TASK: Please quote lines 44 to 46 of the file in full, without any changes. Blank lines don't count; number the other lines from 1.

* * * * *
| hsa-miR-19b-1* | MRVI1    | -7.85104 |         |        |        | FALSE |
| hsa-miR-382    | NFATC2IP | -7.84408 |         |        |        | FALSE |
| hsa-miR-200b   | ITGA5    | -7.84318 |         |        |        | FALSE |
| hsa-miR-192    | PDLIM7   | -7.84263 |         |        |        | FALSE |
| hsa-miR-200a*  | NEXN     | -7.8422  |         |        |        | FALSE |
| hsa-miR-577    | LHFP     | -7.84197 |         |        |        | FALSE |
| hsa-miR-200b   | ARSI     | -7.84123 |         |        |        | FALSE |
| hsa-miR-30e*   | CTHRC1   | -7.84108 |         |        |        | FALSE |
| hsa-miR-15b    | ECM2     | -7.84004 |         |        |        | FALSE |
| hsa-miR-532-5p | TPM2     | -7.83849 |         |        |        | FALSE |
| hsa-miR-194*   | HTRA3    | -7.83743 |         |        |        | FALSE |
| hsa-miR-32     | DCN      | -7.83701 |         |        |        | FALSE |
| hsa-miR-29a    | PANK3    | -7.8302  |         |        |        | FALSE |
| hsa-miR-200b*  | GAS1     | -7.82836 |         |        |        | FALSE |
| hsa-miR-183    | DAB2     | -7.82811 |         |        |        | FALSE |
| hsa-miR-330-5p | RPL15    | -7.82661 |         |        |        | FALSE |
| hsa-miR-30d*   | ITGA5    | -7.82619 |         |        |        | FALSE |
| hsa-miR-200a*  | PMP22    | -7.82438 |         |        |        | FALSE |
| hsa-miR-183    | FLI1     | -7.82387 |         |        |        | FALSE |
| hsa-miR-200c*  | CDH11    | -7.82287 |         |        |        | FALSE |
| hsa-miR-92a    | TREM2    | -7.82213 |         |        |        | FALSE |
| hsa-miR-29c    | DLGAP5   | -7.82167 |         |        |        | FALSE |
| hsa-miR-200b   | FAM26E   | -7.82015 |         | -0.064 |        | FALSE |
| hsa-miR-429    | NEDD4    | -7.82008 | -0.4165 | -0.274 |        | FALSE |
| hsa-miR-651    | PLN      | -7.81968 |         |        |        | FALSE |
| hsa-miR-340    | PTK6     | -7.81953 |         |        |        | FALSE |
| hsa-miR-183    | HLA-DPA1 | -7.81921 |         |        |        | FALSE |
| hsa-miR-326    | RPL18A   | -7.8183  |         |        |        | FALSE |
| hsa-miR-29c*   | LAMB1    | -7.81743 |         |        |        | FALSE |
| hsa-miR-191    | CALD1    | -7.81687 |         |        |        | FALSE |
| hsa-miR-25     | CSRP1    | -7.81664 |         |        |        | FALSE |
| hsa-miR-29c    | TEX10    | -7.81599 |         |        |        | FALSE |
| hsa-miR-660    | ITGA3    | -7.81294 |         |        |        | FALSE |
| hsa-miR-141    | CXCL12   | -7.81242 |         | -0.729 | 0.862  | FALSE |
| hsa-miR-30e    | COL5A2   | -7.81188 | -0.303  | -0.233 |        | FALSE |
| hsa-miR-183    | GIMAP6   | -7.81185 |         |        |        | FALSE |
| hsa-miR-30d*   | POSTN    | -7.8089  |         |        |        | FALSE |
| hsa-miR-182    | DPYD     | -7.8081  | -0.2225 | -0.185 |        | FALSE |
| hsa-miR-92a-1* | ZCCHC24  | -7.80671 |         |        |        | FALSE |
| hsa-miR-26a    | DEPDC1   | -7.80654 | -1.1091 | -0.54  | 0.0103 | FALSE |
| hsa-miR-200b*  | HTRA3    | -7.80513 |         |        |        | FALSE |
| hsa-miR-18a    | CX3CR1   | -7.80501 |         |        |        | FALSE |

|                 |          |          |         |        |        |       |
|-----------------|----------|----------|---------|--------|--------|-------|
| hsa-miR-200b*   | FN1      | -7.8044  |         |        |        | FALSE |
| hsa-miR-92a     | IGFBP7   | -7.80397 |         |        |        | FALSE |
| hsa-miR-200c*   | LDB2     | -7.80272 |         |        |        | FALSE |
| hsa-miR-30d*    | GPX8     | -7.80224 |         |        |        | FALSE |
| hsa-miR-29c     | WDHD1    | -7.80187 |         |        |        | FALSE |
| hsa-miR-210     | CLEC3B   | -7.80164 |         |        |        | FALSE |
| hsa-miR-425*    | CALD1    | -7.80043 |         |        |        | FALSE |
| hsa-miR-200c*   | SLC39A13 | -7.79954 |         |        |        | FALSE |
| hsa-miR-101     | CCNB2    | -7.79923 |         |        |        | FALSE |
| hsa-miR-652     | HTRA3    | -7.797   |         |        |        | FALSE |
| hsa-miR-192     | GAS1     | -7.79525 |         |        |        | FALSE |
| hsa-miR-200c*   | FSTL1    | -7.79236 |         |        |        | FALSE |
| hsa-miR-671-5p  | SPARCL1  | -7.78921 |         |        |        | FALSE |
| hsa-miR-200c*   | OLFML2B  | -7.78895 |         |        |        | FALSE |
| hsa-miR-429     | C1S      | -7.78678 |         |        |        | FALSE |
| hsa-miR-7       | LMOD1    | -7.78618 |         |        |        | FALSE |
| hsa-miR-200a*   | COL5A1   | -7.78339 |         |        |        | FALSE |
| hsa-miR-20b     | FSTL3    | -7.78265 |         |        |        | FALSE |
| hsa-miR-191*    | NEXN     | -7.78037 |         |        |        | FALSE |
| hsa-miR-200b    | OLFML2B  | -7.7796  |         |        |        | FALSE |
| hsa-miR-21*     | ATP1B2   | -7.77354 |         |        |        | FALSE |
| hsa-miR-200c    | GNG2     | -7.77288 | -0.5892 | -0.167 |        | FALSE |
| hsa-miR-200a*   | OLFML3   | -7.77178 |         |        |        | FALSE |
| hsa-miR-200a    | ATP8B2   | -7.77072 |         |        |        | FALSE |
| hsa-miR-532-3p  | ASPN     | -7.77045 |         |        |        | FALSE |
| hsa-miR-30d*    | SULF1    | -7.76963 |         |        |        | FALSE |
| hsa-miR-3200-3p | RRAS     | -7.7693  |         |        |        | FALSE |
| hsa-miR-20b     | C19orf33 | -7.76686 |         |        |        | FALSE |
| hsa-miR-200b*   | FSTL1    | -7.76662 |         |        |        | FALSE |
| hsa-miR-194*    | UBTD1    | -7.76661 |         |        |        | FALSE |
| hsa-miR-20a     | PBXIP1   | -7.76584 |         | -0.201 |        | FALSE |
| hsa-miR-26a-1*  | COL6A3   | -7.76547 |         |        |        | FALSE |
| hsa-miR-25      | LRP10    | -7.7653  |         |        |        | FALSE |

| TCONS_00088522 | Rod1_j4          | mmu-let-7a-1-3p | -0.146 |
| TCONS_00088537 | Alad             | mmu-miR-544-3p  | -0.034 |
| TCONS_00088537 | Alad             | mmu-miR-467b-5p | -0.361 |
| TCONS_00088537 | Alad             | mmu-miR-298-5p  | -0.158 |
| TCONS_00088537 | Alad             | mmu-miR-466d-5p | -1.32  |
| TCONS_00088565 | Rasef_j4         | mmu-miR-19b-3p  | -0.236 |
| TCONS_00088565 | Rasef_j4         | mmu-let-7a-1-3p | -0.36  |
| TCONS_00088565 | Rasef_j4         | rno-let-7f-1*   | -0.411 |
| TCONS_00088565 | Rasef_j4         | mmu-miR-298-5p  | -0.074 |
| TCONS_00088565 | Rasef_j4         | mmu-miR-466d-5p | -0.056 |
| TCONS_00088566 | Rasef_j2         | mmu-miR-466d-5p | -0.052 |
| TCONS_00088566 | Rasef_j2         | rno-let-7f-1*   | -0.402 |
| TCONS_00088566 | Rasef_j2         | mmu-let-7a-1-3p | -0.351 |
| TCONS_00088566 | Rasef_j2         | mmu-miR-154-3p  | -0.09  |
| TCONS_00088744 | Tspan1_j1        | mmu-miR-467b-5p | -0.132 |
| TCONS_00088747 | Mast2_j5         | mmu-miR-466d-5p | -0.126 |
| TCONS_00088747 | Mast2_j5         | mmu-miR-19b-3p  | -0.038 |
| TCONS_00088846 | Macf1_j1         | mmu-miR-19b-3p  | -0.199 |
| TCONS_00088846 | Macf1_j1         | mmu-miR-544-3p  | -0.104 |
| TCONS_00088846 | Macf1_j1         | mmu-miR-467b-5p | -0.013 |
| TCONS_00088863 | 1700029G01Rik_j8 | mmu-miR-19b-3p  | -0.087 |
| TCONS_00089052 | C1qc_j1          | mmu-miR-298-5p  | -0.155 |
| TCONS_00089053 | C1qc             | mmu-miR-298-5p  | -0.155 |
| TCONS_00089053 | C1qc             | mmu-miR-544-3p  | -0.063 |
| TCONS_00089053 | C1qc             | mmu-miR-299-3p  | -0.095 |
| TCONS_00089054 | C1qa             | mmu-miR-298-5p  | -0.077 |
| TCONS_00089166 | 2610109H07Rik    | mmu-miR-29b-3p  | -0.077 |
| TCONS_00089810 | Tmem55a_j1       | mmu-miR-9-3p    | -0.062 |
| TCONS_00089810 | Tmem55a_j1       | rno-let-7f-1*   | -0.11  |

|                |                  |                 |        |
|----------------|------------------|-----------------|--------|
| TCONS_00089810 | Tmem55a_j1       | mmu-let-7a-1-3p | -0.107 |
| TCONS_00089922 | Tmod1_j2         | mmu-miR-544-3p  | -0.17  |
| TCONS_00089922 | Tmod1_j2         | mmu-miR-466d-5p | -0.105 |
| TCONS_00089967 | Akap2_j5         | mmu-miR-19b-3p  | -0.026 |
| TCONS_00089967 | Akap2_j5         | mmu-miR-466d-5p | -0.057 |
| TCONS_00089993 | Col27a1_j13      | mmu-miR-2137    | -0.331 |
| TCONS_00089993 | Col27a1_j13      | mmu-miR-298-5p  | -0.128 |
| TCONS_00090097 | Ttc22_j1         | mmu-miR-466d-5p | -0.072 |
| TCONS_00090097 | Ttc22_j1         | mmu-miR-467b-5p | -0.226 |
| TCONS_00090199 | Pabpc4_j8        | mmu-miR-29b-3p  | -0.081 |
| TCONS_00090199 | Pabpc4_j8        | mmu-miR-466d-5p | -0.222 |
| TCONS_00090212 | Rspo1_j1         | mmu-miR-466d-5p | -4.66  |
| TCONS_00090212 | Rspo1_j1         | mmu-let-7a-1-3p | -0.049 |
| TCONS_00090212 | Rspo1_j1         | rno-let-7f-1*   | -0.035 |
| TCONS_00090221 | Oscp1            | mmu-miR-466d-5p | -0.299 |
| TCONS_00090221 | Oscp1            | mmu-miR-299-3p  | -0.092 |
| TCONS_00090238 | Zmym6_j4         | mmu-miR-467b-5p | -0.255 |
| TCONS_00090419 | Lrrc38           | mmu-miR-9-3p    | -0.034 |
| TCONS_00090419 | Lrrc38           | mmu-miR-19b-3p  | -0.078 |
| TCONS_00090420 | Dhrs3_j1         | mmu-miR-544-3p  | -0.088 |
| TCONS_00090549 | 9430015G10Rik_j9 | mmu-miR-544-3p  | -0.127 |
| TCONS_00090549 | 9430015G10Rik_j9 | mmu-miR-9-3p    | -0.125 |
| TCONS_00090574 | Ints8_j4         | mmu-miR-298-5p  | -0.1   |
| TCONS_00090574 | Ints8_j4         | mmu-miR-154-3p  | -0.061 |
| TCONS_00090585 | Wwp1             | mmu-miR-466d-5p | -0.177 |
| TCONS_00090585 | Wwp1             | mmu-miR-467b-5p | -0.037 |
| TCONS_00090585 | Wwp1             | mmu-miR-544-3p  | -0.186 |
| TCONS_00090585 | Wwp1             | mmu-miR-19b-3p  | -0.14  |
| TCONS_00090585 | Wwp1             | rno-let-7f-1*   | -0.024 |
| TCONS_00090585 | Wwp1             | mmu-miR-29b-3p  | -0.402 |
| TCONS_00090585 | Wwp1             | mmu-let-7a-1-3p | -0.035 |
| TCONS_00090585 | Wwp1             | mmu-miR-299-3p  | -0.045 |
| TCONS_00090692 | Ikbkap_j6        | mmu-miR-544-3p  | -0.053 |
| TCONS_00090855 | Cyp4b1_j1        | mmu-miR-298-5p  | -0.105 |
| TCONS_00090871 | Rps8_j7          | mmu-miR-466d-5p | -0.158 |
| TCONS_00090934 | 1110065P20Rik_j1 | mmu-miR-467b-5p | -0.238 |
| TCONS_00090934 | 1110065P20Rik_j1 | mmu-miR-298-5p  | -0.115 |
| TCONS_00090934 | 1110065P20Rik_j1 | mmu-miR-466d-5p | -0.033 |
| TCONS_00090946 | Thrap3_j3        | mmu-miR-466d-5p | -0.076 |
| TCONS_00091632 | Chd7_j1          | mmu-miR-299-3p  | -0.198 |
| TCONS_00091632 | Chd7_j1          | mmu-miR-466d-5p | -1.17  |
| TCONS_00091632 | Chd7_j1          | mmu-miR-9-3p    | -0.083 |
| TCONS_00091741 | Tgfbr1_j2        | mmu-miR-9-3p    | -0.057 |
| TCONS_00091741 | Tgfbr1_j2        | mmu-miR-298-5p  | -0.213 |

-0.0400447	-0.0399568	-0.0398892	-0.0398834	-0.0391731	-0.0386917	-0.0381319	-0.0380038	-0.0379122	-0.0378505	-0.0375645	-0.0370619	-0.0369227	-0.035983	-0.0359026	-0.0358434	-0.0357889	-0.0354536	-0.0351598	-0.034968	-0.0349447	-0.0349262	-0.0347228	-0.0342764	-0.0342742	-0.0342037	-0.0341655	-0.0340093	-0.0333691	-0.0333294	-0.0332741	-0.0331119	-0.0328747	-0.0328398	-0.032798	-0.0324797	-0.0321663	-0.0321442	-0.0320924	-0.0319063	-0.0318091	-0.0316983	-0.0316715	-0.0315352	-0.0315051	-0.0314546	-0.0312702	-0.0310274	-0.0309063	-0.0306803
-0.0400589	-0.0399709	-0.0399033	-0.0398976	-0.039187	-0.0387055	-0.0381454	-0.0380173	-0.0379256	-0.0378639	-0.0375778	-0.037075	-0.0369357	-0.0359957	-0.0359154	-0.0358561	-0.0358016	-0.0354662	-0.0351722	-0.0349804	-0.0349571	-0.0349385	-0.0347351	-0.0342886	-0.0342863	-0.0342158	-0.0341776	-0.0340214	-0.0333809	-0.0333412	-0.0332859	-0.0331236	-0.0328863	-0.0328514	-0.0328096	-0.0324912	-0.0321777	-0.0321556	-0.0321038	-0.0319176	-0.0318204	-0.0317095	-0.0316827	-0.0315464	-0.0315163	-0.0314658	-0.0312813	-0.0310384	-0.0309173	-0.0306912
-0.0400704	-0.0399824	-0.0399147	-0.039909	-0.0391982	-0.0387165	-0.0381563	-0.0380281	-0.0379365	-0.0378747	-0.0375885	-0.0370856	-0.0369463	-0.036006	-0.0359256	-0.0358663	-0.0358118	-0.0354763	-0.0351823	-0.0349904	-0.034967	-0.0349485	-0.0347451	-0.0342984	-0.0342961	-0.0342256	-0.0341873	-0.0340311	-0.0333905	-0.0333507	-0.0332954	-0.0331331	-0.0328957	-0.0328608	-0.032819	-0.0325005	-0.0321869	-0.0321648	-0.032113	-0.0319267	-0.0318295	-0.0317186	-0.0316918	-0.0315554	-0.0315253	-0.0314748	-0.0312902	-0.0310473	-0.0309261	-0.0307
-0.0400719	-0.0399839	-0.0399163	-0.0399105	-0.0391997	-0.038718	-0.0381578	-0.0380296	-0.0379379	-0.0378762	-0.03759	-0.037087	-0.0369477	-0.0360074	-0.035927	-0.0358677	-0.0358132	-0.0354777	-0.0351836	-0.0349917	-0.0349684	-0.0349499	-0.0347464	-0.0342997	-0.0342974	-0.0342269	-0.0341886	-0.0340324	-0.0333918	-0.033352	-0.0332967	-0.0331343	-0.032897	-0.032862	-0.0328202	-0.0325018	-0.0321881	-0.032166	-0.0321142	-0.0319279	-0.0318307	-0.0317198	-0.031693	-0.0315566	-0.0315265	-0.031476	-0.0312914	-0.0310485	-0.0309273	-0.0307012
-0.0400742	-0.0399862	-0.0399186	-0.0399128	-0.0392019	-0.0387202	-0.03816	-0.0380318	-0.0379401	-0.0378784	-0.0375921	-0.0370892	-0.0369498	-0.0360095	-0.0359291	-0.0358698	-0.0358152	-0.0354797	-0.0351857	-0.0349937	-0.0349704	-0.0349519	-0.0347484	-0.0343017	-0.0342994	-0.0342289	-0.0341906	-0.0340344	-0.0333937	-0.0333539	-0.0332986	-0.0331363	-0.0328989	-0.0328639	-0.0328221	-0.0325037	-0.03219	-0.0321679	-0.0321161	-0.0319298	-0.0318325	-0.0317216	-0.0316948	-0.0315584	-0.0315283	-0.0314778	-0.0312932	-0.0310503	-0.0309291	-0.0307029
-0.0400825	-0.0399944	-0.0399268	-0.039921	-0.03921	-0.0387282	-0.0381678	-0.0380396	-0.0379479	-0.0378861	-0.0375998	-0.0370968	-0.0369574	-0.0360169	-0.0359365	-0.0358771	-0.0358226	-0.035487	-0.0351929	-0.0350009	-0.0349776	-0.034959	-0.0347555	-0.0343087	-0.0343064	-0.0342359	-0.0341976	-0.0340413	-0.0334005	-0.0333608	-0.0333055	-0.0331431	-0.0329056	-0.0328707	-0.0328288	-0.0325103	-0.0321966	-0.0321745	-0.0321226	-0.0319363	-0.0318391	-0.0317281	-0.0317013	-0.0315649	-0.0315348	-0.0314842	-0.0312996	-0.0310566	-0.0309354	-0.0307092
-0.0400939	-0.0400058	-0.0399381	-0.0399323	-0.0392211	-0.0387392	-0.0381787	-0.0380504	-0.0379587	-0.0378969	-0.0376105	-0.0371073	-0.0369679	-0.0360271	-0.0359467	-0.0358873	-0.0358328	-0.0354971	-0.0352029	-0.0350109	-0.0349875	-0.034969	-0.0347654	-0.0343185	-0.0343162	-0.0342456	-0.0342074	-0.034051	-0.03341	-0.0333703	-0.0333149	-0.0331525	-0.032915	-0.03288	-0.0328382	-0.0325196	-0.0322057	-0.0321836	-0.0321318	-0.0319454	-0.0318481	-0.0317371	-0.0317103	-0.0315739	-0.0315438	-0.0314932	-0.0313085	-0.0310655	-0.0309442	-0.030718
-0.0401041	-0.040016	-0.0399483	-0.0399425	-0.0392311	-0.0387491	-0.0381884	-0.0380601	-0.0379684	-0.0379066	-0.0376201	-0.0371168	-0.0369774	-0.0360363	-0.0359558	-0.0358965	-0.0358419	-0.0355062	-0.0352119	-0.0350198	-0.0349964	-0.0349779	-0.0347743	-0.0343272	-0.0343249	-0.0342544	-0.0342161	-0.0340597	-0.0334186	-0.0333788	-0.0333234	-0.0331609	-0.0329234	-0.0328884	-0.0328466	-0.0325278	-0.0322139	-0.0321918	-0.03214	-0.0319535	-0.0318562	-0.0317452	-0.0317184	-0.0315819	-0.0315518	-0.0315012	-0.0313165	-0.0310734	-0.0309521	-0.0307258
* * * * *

|-----------------|----------|----------|---------|--------|--------|-------|
| hsa-miR-200b*   | FN1      | -7.8044  |         |        |        | FALSE |
| hsa-miR-92a     | IGFBP7   | -7.80397 |         |        |        | FALSE |